Thoughtful Answers – $1.00

a penny for your thoughts, dollars for your thoughts
Thoughtful Answers – $1.00
Correct Answers – $2.00

We’ve never been a “camping family” before, but this summer, with much too much enthusiasm and vigor, we became one. With our family, our dogs, our camper, and car in tow, we traveled through so many states I can’t even name them all. We experienced great, amazing, and inspiring wonders of nature, paid toll after toll, and saw lots and lots of signs – some mundane and others with flare. A few displayed on walls in campsite offices are below:

• “I can only please one person per day. Today is not your day. Tomorrow is not looking good either.”

• “Here I am! Now what are your other two wishes?”

• “Come in. My day was ruined anyway.”

• “Be nice or leave.”

• “If you’re smoking in here, you better be on fire.”

I don’t know if the signs represented the true attitude of the person behind the desk or some unseen frustrated other. So mostly, I just shrugged them off without further contemplation, except for one – actually the last one I saw. It said:

“Answers: 50 cents
Thoughtful Answers: 1 dollar
Correct Answers: 2 dollars”

Thoughts about Thoughtfulness

Now I believe with all my heart God means for us to think hard and to present our answers in thoughtful ways. Jesus rarely gave simple straightforward answers, and his words and parables require contemplation. The psalmists worked hard at exploring the range of human emotions and artfully explaining human life in relationship with God all of which takes a while to unravel. And Biblical narrators carefully constructed their stories in ways that layer meanings and press weighty points into the human heart so that deeper truths are uncovered with multiple rereads. In addition, tracing Paul’s arguments requires sustained concentration and deep thinking.

Thinking Out Loud

Often times we recognize an answer as thoughtful because we hear the thought behind the answer. I for one very much appreciate this “thinking out loud” process. This process gives me new ways of thinking about problems, ignites and expands my thinking, and helps me notice faulty or incomplete reasoning. Ancient examples of this abound. In the book of Romans, Paul aptly demonstrates the reasoning that leads to his conclusions. Also, the Puritan writings with their form of theological statements supported by hefty points leave no doubt to how statements were formed and exactly what they mean.1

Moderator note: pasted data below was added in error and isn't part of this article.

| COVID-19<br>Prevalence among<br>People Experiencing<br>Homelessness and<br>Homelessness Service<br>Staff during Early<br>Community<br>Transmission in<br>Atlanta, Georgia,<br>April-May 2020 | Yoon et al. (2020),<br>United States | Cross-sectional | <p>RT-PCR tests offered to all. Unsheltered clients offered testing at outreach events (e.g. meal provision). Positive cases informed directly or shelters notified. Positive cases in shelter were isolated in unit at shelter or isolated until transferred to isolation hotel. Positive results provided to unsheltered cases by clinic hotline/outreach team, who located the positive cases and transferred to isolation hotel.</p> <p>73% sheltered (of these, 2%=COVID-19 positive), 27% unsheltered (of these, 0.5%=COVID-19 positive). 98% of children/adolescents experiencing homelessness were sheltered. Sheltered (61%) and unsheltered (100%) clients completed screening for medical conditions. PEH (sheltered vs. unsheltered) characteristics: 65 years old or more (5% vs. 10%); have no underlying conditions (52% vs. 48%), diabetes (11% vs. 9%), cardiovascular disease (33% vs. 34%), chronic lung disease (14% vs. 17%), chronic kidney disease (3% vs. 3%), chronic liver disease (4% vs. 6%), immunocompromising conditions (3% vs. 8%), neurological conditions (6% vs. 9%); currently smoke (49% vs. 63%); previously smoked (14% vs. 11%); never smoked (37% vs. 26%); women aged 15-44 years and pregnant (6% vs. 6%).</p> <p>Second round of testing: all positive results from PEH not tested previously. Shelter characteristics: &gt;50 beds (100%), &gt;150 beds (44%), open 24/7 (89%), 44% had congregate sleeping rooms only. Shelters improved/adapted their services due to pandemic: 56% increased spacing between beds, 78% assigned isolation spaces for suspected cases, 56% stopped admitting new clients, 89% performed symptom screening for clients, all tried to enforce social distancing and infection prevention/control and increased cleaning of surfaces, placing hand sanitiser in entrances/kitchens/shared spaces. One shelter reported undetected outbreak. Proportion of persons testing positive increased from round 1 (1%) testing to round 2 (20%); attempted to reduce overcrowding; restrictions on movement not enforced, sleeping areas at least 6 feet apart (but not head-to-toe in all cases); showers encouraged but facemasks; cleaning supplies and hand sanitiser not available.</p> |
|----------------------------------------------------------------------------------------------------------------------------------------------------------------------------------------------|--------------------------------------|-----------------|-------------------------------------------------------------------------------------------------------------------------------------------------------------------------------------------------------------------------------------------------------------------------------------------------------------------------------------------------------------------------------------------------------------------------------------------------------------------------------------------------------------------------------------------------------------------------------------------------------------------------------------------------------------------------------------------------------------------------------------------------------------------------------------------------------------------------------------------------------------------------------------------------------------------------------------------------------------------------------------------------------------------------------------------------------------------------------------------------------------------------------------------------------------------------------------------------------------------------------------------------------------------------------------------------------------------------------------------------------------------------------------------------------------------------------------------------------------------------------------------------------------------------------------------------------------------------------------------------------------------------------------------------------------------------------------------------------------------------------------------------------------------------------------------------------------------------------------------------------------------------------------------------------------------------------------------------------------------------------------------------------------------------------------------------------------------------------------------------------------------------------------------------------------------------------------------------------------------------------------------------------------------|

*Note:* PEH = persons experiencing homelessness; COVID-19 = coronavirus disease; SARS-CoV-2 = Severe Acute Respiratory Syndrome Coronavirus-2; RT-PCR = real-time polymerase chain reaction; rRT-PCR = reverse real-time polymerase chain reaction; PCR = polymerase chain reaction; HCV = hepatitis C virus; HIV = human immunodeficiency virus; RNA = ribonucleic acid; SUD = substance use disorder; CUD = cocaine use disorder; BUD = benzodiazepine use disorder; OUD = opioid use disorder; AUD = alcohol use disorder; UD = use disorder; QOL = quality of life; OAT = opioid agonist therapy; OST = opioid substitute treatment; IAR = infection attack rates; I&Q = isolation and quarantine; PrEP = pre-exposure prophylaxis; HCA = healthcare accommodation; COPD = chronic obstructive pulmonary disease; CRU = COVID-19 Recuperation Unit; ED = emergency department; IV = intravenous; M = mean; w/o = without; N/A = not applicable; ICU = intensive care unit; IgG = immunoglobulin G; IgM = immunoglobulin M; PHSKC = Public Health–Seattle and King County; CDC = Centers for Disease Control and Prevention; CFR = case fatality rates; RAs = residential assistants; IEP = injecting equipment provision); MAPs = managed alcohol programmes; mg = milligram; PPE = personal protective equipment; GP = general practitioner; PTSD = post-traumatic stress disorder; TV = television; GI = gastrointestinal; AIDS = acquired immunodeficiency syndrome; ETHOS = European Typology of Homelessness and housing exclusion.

Many contemporary examples of this “grappling out loud” with ideas demonstrate ways of thinking and oftentimes uncover unstated, and perhaps even confused or unconscious, philosophies and presuppositions.2 Blogs are obvious examples. Dr. John Piper’s sermons and books are very helpful for revealing his thought processes since he consistently “talks out” the line of thought behind his conclusions all flowing from his biblical worldview.3 My own pastor is very good at this also. Our current president publically wrestles with ideas in a way that demonstrates heavy post-modern influences.4 Occasionally a line in a popular movie script or song hints at the thoughtfulness behind it and reveals the presuppositions of the writer. Another place to find public thinking is in creatively constructed artist’s statements that attempt to describe the “What?” “How?” and “Why?” of an artist’s work and that too often reveal a fragmented (post-modern) worldview or worse, a muddled world-view.5

What’s the point?

Here’s my point. According to the campsite sign, correct answers are worth more than thoughtful answers. I interpret this as thoughts leading to incorrect conclusions (non-truth) have some worth in that they reveal a type of thinking based on non-Christian worldview through which we can engage others.6 But, correct (truthful) answers are worth so much more even when the thinking behind them is not clearly articulated.

How does this relate to art and theology?

Back to artists’ statements mentioned above. Maybe it’s just me, but many of these statements leave me more confused than helped. They are certainly full of thought, beautiful words, and artful phrases, but I have difficulty understanding what they really mean. (Of course for an artist with a post-modern worldview, what they mean is meant to be relative and maybe that’s the point.) Nevertheless these confusing statements lead me to question if the artist has a clear understanding of what his or her art is really about or, just as importantly, where it flows from.

So maybe this will be helpful, or maybe not, but it seems to me that, for artists, a clear articulation of personal worldview would help improve the art produced.7 Or working the other way, look at the art you are producing and ask yourself, “What worldview am I strengthening?” If it’s not the one you are shooting for or doesn’t match up with your artist statement, remember “Correct answers to the “Why” of your art are worth twice as much as thoughtful ones.”


1. Check out the essays of Jonathan Edwards, John Owen, George Whitefield, Stephen Charnock, and John Flavel for example. For a 19th-century example, Abraham Kuyper is an
excellent starting place. is a wonderful resource for all of these.
2. Unlike the writers mentioned above, it seems that many contemporary people often don’t recognize the worldview they are thinking and speaking from.
3. I’m sure Dr. Piper is very aware of his worldview. See
4. For an overview of post-modern thought view the links provided at
5. Goggle “sample artist statements” for examples.
6. You can see my presuppositions are that the Bible speaks truth because it is the word of God who does not lie. Also I realize this is a circular argument as all ultimate
presuppositions are.
7. My presupposition here – borrowed from Francis Schaeffer’s Art and the Bible – is that great art conveys the worldview of the artist.